A Beginner’s Guide to Cucumber


A good Cucumber tutorial will include information about the different features of the tool. It will also cover test automation, writing tests, and integration with other tools. To get started, read the Cucumber documentation on GitHub. This is also available as a stand-alone tutorial. The documentation is written in plain English, so it should be easy to follow it.

Feature files

The next section of this Cucumber tutorial will focus on feature files. These files are used to group related features. While the syntax for feature files is not important at runtime, it is essential to understand the intent behind them. We’ll discuss them in more detail in the next chapter. Until then, try to avoid writing complicated lines of code.

First, you need to install Cucumber on your Eclipse environment. Then, install Naturals, if necessary. After installing these components, you can configure Cucumber to generate feature files. To do this, first, create a new source directory. Then, specify a name for the feature file. Next, you can write scenarios in the feature files.

Feature files are important for running Cucumber tests. If your feature files are not present in the correct directory, it will not run the tests. If you are stuck, there are resources to help you troubleshoot Cucumber issues. One resource is HeadSpin, which provides a cloud-based platform for running Cucumber tests.

Integration with other tools

If you’re considering using Cucumber for your web application development, you need to make sure that you follow the best practices for testing web applications. Most of these best practices are universal across test automation tools. One of the most important is to focus on the needs of your users. When writing tests, you should avoid conjunctive steps and write reusable steps. A good way to learn more about how to write tests is to read the Gherkin Reference documentation.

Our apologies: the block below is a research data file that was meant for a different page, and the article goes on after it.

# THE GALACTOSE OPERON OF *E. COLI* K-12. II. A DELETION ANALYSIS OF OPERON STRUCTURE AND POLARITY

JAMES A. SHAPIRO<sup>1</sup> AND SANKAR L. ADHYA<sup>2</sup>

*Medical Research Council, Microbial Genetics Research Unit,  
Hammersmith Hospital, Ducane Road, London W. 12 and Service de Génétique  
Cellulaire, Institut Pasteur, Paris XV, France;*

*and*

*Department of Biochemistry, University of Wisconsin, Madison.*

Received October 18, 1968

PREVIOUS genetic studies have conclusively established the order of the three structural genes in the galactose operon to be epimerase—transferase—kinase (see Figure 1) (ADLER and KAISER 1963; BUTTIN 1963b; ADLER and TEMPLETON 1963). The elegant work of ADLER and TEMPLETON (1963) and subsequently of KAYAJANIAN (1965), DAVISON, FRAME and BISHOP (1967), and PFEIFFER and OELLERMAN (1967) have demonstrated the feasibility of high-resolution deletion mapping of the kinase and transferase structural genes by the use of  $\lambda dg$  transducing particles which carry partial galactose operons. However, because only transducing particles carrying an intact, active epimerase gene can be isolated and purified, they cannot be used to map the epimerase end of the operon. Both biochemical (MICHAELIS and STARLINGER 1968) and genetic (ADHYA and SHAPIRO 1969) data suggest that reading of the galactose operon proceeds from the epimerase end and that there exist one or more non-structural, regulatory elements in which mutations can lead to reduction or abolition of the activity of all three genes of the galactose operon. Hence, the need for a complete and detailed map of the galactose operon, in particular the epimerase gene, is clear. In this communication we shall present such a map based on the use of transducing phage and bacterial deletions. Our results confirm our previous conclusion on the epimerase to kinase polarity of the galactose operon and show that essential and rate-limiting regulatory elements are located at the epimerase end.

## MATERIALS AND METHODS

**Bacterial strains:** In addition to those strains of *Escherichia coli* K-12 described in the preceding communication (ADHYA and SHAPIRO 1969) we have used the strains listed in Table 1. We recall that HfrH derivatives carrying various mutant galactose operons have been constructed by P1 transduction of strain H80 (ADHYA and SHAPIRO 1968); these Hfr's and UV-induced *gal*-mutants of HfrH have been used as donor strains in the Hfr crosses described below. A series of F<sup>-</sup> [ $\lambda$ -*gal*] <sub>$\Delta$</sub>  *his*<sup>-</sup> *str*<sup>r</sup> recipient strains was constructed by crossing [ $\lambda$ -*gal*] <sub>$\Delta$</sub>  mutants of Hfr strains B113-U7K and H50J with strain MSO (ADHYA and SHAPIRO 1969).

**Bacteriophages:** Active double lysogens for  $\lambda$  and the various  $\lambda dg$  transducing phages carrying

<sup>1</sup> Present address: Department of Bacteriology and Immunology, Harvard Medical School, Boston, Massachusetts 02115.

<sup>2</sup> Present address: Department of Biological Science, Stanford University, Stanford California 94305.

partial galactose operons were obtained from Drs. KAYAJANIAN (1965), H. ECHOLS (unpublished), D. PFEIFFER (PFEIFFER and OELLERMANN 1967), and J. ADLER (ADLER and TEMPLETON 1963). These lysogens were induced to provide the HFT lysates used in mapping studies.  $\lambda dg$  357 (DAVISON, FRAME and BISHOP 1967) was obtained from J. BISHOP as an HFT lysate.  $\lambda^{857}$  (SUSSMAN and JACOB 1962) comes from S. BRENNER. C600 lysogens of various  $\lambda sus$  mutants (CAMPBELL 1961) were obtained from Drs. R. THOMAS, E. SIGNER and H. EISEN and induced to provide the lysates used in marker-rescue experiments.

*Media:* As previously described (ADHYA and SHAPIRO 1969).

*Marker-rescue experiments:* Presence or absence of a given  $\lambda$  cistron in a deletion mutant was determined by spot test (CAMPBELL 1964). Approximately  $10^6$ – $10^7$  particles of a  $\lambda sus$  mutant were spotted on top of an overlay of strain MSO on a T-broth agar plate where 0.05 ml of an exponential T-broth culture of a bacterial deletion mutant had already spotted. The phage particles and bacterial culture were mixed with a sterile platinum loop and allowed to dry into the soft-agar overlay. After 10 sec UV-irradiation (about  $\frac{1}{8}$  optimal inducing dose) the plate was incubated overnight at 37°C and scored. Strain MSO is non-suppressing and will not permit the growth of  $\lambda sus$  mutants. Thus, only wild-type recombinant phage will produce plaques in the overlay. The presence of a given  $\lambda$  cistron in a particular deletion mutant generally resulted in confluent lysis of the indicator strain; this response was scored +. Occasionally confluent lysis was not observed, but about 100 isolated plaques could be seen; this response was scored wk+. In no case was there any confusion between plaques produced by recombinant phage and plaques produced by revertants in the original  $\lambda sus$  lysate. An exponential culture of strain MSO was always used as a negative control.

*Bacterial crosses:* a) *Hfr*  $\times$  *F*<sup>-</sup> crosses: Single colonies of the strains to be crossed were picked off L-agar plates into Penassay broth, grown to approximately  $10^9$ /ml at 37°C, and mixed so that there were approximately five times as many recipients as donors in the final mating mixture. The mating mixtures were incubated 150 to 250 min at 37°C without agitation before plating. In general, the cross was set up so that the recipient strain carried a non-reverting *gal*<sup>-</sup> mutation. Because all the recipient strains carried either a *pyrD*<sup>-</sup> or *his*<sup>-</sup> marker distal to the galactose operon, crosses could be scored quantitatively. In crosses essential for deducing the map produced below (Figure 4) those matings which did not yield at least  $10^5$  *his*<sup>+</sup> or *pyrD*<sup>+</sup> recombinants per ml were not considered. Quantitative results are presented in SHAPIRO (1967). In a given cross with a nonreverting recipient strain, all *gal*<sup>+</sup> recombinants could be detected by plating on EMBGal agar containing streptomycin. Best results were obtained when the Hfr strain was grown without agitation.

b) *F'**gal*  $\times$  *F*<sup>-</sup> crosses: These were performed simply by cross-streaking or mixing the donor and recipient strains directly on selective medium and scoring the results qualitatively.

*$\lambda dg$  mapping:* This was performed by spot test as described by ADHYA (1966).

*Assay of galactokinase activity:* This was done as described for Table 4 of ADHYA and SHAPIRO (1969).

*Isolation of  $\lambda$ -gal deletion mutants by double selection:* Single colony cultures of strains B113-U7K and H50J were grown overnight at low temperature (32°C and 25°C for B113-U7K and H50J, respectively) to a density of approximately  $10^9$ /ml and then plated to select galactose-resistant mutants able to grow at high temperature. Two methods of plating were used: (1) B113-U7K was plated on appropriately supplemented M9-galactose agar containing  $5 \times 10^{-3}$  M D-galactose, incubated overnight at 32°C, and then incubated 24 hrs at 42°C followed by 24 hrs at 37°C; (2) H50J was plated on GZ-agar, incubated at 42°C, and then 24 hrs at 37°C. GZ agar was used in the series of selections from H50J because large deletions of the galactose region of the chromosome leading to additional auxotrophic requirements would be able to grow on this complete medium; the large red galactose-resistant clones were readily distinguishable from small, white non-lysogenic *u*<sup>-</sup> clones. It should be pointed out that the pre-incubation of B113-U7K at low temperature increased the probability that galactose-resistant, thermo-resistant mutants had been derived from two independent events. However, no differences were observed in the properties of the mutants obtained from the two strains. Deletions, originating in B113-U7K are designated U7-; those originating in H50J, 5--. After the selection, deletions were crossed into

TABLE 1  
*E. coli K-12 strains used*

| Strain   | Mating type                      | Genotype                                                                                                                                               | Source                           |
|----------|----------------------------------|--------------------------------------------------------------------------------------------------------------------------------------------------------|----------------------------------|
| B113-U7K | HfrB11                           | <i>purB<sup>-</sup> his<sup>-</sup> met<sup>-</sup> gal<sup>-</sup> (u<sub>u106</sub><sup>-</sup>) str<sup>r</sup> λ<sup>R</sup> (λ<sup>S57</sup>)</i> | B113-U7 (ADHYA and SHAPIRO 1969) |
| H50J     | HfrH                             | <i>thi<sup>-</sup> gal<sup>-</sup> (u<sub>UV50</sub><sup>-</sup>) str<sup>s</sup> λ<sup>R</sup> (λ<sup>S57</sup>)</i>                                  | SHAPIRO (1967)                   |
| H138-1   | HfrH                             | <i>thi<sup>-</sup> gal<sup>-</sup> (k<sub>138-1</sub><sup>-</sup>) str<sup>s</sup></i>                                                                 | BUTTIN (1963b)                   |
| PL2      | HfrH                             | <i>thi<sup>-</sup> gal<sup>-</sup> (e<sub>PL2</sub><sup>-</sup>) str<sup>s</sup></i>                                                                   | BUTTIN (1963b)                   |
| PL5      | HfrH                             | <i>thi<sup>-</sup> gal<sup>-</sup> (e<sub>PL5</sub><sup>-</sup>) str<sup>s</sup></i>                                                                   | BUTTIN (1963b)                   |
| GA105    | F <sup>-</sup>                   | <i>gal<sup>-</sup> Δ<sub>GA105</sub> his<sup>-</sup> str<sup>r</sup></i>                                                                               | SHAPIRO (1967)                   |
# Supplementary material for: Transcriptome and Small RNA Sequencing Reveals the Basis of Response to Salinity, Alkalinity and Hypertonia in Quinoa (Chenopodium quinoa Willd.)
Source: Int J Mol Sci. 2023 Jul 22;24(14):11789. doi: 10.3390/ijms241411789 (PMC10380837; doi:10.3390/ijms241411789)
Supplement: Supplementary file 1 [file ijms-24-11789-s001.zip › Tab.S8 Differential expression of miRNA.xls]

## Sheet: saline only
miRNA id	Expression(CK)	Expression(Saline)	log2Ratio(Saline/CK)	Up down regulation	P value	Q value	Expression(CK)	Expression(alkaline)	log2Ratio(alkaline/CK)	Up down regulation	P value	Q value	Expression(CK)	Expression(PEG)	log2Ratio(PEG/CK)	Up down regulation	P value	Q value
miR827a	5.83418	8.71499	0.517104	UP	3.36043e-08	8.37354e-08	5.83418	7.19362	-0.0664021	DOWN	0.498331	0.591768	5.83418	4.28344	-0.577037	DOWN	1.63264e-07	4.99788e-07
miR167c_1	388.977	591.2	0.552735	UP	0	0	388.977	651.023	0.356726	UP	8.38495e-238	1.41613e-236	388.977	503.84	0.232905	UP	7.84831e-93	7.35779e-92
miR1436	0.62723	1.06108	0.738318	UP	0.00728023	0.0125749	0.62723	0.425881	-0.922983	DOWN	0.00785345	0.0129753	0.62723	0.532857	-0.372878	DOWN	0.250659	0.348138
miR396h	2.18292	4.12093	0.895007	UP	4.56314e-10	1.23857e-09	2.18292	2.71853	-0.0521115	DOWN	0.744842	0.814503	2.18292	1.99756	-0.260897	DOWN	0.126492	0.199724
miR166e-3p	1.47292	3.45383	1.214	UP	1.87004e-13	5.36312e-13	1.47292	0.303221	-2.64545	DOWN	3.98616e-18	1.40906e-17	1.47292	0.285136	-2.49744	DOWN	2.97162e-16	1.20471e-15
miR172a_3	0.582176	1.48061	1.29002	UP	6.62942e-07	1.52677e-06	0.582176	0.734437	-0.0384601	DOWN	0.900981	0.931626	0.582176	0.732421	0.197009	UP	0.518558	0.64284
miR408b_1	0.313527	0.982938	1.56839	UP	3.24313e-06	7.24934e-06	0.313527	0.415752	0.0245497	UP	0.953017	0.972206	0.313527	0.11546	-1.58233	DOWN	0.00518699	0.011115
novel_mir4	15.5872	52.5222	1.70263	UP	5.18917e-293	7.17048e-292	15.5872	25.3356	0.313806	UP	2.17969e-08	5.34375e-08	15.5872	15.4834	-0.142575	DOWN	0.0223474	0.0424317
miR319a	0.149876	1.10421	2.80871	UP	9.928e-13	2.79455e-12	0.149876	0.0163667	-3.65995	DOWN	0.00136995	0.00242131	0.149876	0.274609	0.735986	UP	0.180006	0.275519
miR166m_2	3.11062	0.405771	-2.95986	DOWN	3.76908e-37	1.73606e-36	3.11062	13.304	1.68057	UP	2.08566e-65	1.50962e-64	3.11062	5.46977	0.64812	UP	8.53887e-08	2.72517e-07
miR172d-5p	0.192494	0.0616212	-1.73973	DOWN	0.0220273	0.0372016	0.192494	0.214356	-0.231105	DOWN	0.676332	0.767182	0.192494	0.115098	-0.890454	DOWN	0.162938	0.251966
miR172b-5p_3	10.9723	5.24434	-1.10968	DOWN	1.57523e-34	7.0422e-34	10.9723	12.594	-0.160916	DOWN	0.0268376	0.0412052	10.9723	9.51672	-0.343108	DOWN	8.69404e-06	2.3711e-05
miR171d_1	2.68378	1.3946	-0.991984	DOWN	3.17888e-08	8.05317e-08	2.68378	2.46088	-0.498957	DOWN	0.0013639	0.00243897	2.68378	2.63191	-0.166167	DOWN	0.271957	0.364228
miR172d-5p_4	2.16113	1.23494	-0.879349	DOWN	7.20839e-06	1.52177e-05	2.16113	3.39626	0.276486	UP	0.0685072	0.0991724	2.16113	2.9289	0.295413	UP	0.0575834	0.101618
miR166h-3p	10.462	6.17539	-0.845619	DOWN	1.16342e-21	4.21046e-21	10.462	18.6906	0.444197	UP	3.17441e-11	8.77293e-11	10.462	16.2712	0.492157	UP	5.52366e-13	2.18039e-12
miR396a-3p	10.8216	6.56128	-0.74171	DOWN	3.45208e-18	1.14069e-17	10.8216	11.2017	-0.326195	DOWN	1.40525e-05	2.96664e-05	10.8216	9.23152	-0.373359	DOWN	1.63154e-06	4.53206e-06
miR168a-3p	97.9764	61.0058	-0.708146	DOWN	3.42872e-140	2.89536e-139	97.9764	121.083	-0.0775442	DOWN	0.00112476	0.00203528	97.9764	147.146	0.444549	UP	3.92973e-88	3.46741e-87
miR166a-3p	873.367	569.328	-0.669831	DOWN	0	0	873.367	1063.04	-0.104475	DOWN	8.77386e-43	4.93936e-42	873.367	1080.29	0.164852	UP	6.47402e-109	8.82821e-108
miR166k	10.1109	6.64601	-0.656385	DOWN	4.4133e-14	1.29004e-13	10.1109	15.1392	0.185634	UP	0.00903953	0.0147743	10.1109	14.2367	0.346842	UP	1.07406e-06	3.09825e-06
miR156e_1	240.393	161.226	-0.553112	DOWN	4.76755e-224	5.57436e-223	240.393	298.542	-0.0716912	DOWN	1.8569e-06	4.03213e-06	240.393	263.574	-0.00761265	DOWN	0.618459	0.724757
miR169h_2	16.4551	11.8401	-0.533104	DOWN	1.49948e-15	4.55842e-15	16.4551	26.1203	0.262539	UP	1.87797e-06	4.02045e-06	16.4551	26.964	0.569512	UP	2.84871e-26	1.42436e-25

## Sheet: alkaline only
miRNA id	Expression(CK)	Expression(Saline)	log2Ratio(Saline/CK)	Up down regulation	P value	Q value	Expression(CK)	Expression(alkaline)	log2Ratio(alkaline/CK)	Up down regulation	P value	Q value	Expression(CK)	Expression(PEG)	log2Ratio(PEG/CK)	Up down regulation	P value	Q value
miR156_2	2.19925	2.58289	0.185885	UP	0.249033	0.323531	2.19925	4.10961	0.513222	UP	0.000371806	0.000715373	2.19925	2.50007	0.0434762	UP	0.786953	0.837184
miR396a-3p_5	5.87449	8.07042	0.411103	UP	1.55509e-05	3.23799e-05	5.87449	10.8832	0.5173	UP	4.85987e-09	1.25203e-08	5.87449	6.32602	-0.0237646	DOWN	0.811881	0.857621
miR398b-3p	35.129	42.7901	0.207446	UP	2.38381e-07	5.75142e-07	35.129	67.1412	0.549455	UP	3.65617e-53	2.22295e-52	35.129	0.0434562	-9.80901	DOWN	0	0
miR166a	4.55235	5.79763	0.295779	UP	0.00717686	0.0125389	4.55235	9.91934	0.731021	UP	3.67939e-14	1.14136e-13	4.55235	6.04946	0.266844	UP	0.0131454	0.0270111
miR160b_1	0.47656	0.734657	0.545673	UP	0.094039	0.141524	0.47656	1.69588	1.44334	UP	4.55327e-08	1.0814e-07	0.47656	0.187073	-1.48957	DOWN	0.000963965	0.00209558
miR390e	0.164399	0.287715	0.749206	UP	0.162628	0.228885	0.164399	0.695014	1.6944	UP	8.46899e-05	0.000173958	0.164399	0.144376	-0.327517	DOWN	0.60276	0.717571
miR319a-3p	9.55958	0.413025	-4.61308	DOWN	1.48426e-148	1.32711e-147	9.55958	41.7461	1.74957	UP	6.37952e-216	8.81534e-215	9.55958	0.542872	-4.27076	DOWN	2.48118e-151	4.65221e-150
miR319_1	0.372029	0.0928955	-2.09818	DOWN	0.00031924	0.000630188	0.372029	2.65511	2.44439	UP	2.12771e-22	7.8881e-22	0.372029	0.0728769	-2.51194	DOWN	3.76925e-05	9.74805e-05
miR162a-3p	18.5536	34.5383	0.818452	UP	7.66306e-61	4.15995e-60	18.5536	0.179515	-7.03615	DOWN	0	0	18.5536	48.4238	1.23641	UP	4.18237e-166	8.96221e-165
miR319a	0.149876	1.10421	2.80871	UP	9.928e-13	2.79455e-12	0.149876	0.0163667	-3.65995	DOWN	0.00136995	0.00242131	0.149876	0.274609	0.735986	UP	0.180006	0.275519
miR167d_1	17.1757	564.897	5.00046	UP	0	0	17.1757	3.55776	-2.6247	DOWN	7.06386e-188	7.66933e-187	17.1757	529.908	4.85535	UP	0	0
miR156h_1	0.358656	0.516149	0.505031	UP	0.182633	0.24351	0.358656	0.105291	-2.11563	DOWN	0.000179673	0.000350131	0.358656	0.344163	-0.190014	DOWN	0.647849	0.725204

Cucumber has several features that help you integrate with other tools. The first of them is the ability to create PDF and HTML documentation of your code. Another useful feature is its ability to embed files into your reports. It can also be imported into go projects, binary calls, or docker containers. It also has RSpec matches, which can be useful in RESTful API scenarios.

Another feature of Cucumber is its ability to handle Gherkin scenarios. It uses a simple, easy-to-read language to describe the behavior of a software application. The language is based on the Gherkin syntax, which uses several keywords to express application behavior. To run a scenario, you’ll need two files: a feature film and a scenario outline. When defining scenarios, you’ll also need the given and when keywords, which describe when a certain state of the application should occur.

Writing tests

Cucumber is a testing framework that focuses on the end-user experience. It can be used for a variety of different testing needs. The tool offers a wide variety of options, from using tags to creating custom tests. In addition, you can create different types of runners based on different features and cases. This can help you get your tests running faster and keep your project clean.

Cucumber is popular among non-technical developers since it forces developers into a “business mode.” Cucumber helps developers plan features systematically, making feature documentation easier. It even supports Jenkins. Cucumber is easy to use, and there are many benefits. It’s a great tool for developers of all levels of experience.

Cucumbers can generate reports in a variety of formats. You can choose the format you want by specifying the -format option in the command line. For example, typing ‘cucumber -html’ would generate an HTML report in the current directory. The report would contain details about the scenarios and their results. In addition, Cucumber can generate an XML report.